The Problem With “Me Before You”

Warning: this post talks about suicide.

I’m going to hold my hands up right now and apologise for the fact that this is going to be somewhat controversial. Me Before You is, in my opinion, a bit of a marmite book/film: you either love it or hate it. So, to all the fans of Louisa Clark and her bee tights, I’m sorry for my upcoming rant.

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Personally, I’m not a huge fan of the book or film. I read the book purely because there was a massive hype about it and I wanted to see what all the fuss was about. It’s not my usual genre, chick flicks that fail the Bechdel test are normally avoided, but enough said about my inner feminist feelings.

My issue with the book and film starts with the promotion in the run up to the film adaptation being released. The production team came up with the hashtag #LiveBoldly, whilst promoting the life of a previously healthy man, who became disabled (quadriplegic) following a road accident and was therefore considering assisted suicide in Switzerland. That in itself is a bit of an oxymoron: can you really #LiveBoldly when your aim is to die?

At this point, I want to make it really clear that I do not have an issue with assisted suicide or euthanasia.

But was the underlying theme #LiveBoldly or dying quickly? A disability is not a reason to not live a fulfilling life. Being disabled does not automatically mean the taking away of potential, hopes, dreams and aspirations. And leading a fulfilled life is something that is promoted so heavily in the book.

I have a bigger problem with the fact that Louisa was left a substantial amount of money in Will’s will. Will dictated that he wanted Louisa to swap her boring and stagnant life for one full of adventure and possibility, visiting all the places that she only dreamed of visiting.

Can a person only #LiveBoldly if they are able-bodied? So, whilst Louisa does get to go on her great adventure and experience a life full of excitement and opportunity, this is at the cost of another person’s life. The message that is being given here is that an able-bodied person’s life is valued more in society that someone who has a disability.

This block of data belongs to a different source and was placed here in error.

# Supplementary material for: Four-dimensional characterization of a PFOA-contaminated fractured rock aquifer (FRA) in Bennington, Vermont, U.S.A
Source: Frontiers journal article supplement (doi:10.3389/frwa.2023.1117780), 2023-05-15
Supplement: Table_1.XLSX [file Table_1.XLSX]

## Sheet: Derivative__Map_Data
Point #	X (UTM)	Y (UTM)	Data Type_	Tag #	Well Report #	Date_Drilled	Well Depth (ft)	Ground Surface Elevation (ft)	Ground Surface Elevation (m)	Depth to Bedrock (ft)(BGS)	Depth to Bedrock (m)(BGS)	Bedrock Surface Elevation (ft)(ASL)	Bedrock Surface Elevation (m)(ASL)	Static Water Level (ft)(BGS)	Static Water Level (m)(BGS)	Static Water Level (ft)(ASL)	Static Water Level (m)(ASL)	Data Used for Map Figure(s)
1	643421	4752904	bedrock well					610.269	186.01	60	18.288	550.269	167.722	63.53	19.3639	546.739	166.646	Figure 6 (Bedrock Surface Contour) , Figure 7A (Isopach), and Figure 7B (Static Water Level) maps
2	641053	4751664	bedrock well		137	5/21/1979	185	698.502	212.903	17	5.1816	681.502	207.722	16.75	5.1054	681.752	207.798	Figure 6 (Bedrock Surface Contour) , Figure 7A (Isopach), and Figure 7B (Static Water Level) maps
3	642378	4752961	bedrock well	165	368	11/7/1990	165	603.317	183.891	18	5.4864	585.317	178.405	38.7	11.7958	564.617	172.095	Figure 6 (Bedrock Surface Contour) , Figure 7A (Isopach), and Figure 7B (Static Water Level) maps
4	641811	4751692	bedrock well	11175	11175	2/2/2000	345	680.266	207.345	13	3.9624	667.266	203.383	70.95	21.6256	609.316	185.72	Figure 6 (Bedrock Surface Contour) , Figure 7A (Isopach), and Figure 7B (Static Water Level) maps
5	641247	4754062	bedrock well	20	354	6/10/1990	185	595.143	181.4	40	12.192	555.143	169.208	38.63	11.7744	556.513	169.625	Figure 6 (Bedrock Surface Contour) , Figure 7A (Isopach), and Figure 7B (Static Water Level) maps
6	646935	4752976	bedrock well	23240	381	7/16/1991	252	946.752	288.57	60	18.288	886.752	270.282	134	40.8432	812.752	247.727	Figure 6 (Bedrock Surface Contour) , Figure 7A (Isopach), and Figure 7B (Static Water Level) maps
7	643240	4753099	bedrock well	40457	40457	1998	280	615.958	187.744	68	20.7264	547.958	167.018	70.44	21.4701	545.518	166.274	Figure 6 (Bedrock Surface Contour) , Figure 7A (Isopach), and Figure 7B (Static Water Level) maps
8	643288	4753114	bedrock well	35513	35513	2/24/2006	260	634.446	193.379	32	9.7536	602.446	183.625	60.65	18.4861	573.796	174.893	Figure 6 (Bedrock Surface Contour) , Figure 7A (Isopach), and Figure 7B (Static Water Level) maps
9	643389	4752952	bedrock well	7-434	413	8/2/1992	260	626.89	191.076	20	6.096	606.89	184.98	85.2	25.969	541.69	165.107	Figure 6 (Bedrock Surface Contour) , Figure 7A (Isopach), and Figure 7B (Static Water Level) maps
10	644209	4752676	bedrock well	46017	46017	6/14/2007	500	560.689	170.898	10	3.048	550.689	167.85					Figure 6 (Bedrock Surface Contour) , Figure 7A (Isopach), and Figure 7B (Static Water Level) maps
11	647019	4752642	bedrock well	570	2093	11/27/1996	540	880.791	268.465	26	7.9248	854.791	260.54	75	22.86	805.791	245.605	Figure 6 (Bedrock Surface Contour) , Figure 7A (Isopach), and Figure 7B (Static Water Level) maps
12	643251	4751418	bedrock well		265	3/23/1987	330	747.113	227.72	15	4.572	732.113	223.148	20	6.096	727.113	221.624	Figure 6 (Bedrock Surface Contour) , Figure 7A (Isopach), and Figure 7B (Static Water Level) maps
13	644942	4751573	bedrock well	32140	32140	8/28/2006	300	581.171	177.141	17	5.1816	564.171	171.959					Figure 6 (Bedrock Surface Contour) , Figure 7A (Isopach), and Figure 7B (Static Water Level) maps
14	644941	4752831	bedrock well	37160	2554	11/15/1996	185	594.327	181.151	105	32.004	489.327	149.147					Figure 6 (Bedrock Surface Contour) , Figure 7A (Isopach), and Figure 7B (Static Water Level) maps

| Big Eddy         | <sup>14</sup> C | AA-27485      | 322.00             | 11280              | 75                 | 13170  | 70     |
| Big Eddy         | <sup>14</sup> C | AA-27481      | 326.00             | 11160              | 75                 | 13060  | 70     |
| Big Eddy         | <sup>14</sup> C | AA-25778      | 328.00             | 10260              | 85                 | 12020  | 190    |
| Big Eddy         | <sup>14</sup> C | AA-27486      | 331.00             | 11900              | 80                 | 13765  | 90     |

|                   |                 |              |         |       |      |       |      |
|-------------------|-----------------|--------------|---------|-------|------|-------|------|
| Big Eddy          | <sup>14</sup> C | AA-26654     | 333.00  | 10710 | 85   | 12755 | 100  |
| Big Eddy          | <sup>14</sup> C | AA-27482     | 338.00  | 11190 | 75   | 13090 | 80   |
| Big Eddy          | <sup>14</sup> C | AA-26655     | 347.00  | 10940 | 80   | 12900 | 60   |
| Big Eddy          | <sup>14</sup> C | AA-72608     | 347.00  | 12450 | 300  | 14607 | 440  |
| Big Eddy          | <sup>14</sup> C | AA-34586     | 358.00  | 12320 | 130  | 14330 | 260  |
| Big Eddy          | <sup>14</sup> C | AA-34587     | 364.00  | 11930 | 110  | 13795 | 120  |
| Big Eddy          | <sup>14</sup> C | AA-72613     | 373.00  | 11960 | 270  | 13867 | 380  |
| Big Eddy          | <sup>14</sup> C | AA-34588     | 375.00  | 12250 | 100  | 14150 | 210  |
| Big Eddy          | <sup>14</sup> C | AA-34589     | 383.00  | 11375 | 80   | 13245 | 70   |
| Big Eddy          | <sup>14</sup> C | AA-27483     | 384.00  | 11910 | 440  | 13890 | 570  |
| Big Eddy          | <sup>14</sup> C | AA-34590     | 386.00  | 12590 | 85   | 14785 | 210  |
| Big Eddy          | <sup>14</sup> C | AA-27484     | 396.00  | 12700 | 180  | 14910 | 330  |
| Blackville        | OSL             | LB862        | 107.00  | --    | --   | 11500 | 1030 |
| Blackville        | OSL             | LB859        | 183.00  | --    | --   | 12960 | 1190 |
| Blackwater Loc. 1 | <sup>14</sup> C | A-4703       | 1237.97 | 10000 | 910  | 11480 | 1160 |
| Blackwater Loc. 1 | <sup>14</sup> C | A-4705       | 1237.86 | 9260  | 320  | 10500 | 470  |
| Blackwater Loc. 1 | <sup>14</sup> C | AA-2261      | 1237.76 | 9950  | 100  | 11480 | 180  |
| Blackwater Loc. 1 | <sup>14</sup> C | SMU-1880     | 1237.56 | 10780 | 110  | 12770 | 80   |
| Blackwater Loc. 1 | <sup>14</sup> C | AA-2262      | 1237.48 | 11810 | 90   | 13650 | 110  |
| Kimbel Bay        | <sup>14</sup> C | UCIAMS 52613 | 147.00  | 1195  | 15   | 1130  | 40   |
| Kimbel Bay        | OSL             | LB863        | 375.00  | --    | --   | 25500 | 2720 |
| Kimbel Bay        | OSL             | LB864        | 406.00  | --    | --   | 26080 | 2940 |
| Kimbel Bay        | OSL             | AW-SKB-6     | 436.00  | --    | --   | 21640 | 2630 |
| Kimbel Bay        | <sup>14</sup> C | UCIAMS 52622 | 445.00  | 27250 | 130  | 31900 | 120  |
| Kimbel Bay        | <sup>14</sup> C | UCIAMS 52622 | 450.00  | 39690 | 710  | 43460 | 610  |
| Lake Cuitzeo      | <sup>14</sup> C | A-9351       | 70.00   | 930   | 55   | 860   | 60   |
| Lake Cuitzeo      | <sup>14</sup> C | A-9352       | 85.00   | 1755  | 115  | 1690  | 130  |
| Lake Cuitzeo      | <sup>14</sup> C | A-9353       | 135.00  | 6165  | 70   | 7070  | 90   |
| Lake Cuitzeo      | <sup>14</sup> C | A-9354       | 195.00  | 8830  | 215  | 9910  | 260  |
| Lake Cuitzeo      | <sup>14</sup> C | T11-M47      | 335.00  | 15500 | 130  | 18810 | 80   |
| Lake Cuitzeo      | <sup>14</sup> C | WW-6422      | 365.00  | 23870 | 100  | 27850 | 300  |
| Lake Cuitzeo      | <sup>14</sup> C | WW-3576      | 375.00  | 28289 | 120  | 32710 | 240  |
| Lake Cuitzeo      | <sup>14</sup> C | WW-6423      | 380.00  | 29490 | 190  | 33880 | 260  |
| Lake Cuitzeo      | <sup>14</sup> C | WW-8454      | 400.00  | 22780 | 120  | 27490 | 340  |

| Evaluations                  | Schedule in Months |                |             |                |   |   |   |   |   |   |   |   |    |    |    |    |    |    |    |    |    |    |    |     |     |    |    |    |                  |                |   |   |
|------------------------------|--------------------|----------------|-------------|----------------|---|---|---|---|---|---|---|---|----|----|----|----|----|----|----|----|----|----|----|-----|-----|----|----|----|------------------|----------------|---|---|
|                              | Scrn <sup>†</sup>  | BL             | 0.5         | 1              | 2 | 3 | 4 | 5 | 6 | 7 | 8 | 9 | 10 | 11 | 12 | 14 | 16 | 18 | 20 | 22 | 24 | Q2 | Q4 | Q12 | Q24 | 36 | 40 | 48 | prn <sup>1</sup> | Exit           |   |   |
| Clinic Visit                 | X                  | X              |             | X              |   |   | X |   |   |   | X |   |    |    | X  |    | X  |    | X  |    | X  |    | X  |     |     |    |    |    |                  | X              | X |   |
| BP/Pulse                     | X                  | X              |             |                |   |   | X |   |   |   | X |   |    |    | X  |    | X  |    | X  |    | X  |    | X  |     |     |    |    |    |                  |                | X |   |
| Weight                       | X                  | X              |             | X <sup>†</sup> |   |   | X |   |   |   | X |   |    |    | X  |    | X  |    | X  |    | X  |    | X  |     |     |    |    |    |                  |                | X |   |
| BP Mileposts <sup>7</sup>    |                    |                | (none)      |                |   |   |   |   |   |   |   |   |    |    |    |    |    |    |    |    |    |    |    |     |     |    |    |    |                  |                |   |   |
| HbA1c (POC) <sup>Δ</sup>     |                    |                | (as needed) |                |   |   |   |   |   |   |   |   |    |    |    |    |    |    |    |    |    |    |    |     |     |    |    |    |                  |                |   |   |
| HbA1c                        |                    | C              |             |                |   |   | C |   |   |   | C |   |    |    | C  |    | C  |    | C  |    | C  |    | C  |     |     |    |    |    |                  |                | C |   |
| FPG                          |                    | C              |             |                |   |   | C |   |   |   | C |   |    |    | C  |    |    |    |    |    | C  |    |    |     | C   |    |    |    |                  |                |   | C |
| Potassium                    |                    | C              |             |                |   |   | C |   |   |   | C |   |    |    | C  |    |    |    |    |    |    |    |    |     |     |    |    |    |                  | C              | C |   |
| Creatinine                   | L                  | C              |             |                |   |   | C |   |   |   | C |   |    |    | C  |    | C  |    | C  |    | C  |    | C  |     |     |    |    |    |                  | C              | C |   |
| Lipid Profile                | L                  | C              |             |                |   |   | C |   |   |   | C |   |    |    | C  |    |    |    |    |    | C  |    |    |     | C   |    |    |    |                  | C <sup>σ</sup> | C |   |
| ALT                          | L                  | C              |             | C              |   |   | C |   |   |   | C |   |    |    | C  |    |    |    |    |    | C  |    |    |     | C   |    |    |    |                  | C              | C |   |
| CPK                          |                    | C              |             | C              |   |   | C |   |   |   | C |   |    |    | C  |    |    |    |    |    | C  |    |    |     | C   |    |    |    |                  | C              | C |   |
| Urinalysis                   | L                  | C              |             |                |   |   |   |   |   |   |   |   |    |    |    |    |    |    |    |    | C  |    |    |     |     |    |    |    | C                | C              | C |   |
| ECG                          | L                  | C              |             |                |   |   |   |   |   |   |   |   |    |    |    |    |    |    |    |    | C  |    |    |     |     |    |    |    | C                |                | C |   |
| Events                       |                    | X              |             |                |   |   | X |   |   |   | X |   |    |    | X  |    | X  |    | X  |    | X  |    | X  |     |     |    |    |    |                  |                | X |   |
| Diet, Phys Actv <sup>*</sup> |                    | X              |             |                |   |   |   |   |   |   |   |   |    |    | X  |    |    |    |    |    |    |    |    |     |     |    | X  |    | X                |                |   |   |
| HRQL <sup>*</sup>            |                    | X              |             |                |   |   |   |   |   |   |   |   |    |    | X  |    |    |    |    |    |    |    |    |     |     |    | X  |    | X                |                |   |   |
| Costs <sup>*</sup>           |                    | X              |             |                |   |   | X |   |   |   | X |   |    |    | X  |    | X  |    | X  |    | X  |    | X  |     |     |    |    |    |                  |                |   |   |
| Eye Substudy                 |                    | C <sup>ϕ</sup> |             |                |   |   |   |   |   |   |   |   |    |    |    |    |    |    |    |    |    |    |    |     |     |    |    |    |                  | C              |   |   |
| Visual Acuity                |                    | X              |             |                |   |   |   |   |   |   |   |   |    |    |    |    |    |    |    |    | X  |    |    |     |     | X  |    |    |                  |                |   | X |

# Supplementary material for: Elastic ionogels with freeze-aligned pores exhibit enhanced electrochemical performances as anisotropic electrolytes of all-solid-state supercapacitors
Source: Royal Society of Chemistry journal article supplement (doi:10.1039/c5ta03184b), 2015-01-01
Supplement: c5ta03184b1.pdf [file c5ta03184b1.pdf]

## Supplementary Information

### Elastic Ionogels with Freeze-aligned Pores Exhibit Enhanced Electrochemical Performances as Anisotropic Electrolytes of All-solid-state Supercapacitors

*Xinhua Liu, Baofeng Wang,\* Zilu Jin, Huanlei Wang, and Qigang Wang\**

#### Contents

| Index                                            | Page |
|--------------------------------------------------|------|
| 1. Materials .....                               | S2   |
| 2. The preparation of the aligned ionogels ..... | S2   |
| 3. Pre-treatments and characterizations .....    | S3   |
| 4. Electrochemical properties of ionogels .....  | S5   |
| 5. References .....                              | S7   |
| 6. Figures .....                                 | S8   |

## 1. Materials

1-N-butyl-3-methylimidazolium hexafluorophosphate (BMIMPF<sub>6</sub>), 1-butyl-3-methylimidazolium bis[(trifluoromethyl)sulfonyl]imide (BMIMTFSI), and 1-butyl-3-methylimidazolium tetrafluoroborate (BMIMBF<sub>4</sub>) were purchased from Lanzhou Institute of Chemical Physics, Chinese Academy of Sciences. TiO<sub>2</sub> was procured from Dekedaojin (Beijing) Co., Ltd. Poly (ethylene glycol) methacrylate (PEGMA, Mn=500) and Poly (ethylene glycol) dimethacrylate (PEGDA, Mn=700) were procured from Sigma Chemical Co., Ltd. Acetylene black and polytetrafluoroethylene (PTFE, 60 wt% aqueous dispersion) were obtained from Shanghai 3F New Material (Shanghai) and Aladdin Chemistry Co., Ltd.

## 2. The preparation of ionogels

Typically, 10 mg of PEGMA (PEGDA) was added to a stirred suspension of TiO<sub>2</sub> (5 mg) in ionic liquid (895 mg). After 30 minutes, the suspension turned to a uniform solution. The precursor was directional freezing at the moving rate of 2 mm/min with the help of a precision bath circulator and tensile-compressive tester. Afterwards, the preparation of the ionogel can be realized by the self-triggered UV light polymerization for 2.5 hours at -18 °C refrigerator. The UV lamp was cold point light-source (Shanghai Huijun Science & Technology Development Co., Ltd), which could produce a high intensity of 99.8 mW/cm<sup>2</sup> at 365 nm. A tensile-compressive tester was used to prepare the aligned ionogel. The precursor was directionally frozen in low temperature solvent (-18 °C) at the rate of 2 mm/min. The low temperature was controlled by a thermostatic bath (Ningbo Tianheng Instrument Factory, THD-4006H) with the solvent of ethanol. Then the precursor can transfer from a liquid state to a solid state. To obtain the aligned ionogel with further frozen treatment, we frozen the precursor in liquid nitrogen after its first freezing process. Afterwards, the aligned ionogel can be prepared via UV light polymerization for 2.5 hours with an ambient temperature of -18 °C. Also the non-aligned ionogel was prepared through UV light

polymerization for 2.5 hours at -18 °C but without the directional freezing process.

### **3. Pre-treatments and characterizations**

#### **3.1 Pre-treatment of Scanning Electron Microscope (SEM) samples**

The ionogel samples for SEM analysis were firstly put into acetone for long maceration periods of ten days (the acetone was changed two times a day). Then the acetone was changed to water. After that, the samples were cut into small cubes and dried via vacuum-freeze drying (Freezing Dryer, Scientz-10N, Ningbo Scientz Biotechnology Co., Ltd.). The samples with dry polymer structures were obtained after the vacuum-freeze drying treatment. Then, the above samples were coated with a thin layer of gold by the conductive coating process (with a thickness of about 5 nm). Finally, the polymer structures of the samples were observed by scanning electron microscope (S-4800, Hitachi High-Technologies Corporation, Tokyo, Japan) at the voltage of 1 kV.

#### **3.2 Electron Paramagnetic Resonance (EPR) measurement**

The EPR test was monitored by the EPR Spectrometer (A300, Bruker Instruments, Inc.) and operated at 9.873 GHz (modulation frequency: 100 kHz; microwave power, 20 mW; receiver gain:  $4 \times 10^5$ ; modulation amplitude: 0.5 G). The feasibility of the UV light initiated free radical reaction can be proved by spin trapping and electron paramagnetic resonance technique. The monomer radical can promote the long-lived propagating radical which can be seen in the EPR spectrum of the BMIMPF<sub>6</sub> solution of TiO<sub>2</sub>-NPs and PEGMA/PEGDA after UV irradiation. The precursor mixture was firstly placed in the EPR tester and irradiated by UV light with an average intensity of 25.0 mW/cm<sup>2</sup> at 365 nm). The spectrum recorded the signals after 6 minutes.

People with disabilities are not your reason to cry. People with disabilities are not to the pitied or killed off, in order to give a book or film an emotional ending. People with disabilities are not the reason for making a book a page turner.

The problem could be lessened, if not solved, by the presence of just one disabled character to provide some contrast and show that suicide isn’t the only option. Will is deemed to be a strong and determined man: if a strong and determined man can’t cope with a disability than how are mere-mortals meant to cope? In both the film and the book, Will is portrayed as isolated and as someone who is encased in negativity with very little hope. No wonder his only solution was suicide: this simply is not the reality of all people with disabilities and it’s giving a very one-sided view on being disabled. There are a disproportionate number of stories which relate to the “problem” of disability being “solved” by death. Books, TV and films seem to love the idea of people dying and gaining freedom,

The recent death of Stephen Hawking has showed how this view point has been carried into the real world. When he died, people were saying that he was now free from his wheelchair. The reality, however, is that Professor Hawking saw his wheelchair as something that gave him freedom, not something that restricted it. It allowed him movement, speech, the ability to teach, develop world famous theories, to be a father, husband, son and scholar.

Suicide is still a taboo subject. When able-bodied people talk about suicide, they are discouraged and offered preventative support. If an able-bodied person commits suicide, without the assistance of another person it is legal. When a disabled person has the consideration, the issue becomes more focused on autonomy and being of sane mind but very rarely is a person offered the same level of psychiatric support. Are disabled people less worthy?

On a more personal note, I have struggled with suicidal ideation off and on for a number of years. If I was to say that the reason behind those thoughts and feelings was because of X Y and Z from my past, I would be offered interventions, a crisis plan would be written and there would be a discussion about how I could be helped. However, and this is the important bit, if I was to say that I was feeling suicidal because of disability or chronic illness, suddenly, that isn’t as concerning. I have said that and I was genuinely told that it was “understandable”.

So yet again, we are faced with the question of are disabled people valued less? According to Me Before You, it suggests that and that is not a message that should be given through popular culture.

 

 

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